Hero photograph
Photo by Clare Goodman

Manaakitanga Hapori

Katie Musk —

Community - a parent’s story by Fabiana Tato

I was reminiscing about my time at Raphael House as a parent when I first started, around 2001ish… I was so in awe of our school. Having no family at all in Aotearoa and none of our friends quite got the “Waldorf thing” it felt like I finally had a community around me. There were not many Kindergarten Festivals at that time for parents to be involved but the few things like the Winter Festival (now Matariki) and Summer Festival were activities that we looked forward to get together as a community. I was so keen to be part of anything that allowed me to learn more about the school. I became a Class Rep, took part in any of the courses available during the “Winter Lectures” and I really wanted to pick up any of the craft skills, so I joined in the Parent Craft Group and doll making workshops. Even though I was still a Kindergarten parent, I had the chance to hear about the experiences of the Lower School and Upper School parents and my newbie ears to this education system could not hear enough!

This gave me the opportunity to get to know parents that were starting and others that had been at the school for a very long time. We were all on the same journey… parents all across the school. Later on I stepped in as the coordinator of the then Parent Craft Group and became a member of our School Fair Committee for many years. One year, just talking within the craft group we decided that we needed more of the big Waldorf dolls… at the time I was the one making them, but I was not too keen on making half a dozen on my own… I loved making the dolls but sewing clothes was ‘not my thing’ and I was only learning how to knit squares at the time… Not a problem! One of the parents put her hand up and offered to make the clothes of the dolls, another parent was a wizard knitting, so she offered to get the sweaters, undies and hats sorted for them. Other parents found it hard to make it to the craft group days, but would drop some baking for the ones that could… and often that was enough to inspire visitors to pop in for a day to the Craft group.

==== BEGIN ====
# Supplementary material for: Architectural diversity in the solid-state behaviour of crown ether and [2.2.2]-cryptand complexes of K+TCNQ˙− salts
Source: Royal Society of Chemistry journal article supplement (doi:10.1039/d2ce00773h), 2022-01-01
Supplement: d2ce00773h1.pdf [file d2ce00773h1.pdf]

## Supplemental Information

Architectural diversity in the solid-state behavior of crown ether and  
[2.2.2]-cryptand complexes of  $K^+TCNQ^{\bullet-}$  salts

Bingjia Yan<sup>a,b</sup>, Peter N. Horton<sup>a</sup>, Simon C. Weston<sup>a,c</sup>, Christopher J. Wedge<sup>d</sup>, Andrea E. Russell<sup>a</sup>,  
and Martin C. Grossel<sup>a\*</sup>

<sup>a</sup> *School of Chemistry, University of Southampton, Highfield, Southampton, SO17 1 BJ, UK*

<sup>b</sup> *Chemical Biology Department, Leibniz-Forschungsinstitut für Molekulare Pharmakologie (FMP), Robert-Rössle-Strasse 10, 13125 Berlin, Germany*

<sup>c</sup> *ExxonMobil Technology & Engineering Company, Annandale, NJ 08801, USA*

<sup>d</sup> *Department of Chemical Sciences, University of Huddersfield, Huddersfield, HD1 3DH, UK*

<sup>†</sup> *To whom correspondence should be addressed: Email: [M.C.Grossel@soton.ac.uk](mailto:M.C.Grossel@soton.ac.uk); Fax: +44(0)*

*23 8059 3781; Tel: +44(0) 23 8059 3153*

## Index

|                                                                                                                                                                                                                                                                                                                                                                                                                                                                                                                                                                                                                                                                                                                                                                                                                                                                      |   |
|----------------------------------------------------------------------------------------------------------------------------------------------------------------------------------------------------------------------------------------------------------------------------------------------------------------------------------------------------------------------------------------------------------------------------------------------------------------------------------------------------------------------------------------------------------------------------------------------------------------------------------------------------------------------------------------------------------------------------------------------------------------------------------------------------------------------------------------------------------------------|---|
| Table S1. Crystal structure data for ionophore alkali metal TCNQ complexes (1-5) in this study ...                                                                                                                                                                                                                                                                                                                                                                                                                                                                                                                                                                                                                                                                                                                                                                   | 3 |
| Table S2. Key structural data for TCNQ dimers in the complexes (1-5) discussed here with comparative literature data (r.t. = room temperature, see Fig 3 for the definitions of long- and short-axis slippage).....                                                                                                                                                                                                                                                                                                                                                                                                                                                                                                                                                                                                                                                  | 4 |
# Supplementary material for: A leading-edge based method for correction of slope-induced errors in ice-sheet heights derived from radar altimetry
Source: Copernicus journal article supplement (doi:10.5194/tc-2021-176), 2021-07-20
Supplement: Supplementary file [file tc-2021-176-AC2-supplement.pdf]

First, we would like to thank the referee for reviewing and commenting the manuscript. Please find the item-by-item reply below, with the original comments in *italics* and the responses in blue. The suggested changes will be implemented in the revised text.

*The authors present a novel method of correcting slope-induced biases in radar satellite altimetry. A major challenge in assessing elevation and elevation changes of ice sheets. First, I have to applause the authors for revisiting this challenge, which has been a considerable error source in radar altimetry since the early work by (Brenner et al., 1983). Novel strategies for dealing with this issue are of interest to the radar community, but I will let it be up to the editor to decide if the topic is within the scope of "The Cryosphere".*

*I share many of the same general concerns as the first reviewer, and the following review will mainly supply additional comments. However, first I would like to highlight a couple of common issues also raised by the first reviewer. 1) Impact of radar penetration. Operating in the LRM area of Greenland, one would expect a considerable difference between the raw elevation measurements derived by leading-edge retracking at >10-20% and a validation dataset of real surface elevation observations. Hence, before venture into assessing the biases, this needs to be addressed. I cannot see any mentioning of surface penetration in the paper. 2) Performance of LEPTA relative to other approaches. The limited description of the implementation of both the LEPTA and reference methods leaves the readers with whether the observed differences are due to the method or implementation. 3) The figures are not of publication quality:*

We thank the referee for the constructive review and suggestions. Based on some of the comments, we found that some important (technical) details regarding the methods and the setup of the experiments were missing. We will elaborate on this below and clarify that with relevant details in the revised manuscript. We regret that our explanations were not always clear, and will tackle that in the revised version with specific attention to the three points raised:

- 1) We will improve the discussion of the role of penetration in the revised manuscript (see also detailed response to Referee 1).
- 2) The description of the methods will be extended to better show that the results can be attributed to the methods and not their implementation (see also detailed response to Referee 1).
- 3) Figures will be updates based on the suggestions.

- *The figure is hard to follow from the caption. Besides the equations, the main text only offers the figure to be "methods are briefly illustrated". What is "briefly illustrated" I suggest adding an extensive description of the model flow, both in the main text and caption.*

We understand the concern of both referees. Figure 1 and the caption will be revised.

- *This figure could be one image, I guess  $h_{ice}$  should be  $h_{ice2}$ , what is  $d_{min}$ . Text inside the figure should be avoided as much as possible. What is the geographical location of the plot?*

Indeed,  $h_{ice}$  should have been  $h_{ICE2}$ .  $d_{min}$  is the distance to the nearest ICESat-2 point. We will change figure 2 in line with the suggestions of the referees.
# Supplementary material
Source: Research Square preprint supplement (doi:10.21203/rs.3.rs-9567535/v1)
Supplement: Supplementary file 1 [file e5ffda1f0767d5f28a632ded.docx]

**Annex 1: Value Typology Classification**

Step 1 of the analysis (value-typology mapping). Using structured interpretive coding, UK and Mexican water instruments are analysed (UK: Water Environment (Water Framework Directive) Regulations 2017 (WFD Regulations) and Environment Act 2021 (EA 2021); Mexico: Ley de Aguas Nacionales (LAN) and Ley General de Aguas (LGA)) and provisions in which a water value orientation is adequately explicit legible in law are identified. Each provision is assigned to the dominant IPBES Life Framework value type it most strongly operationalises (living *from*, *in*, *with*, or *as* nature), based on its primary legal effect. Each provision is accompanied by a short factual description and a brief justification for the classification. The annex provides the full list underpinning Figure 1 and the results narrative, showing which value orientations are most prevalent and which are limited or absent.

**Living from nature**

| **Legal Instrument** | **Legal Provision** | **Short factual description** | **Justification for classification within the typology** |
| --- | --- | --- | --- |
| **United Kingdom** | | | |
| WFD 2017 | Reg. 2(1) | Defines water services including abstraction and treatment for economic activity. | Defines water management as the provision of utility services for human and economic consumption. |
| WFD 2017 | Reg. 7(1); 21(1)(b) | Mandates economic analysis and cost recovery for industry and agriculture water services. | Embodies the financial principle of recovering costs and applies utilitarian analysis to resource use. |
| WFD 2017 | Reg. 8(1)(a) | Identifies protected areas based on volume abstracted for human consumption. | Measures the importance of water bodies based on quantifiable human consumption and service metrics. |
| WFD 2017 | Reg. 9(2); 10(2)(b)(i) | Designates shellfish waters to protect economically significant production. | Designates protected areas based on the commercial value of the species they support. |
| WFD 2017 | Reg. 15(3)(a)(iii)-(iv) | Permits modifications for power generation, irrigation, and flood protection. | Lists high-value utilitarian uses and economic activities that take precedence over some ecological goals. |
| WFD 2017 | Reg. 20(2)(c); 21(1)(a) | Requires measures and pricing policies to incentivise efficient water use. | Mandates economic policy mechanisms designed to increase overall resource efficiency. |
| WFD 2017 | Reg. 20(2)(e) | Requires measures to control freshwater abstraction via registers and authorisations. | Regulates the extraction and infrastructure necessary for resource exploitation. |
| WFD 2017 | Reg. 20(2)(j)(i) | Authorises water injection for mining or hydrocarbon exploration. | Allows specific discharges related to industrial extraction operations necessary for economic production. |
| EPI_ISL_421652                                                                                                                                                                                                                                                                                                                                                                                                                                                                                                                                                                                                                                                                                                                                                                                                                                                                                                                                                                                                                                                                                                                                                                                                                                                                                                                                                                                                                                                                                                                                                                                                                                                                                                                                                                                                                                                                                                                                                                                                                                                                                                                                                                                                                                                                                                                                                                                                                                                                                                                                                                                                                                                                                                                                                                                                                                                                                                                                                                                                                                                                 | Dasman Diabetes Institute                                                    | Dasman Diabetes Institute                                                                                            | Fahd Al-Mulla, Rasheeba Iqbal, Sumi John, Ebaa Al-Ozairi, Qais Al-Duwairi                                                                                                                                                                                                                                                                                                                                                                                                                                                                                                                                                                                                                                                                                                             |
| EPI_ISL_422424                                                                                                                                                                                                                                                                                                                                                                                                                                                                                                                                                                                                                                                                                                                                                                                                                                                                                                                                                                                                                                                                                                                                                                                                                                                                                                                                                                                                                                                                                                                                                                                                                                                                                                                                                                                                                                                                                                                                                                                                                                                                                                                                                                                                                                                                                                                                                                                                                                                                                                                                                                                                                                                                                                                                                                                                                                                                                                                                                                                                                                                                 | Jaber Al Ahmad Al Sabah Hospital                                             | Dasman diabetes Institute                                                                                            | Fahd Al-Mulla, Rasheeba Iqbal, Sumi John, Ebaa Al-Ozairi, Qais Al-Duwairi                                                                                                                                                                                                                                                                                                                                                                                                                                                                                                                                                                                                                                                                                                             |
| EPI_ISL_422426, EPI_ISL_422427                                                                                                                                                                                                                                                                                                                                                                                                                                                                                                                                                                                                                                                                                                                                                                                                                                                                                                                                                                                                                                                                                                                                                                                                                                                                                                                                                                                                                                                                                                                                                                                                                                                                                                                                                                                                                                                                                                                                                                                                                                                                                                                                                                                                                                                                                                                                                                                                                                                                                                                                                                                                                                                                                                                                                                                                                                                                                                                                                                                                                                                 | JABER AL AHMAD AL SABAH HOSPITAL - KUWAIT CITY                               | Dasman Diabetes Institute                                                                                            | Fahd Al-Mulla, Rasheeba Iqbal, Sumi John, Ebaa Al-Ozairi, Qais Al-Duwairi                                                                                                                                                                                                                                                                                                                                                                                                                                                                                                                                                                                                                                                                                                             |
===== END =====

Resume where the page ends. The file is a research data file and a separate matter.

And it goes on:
My children’s father was a keen mosaicist and at one of the events held over the years with my daughter’s class, made the sun that still welcomes children at the top of the zig zag… It might not have looked like much at the time, but each day my children attended the school from then on, it was a reminder of our community presence for them.

It was during personal times of hardships that this same community jumped to the rescue and offered us help and support without us even asking… all of those parents that I had the chance to meet every now and then during end of term cleaning, working bees, craft groups and fairs. They were there for us.

I considered myself and our family rather fortunate to be part of this unique school… I know that times have changed and we are all getting more and more busy… but our school is still the same, it only gets stronger thanks to our community commitment regardless of how much time you can offer. A little weeding while waiting for a child to come down at the end of the day, dropping some lemonade for the people taking part of a working bee... every little bit counts and every skill is valued.

Arohanui to you all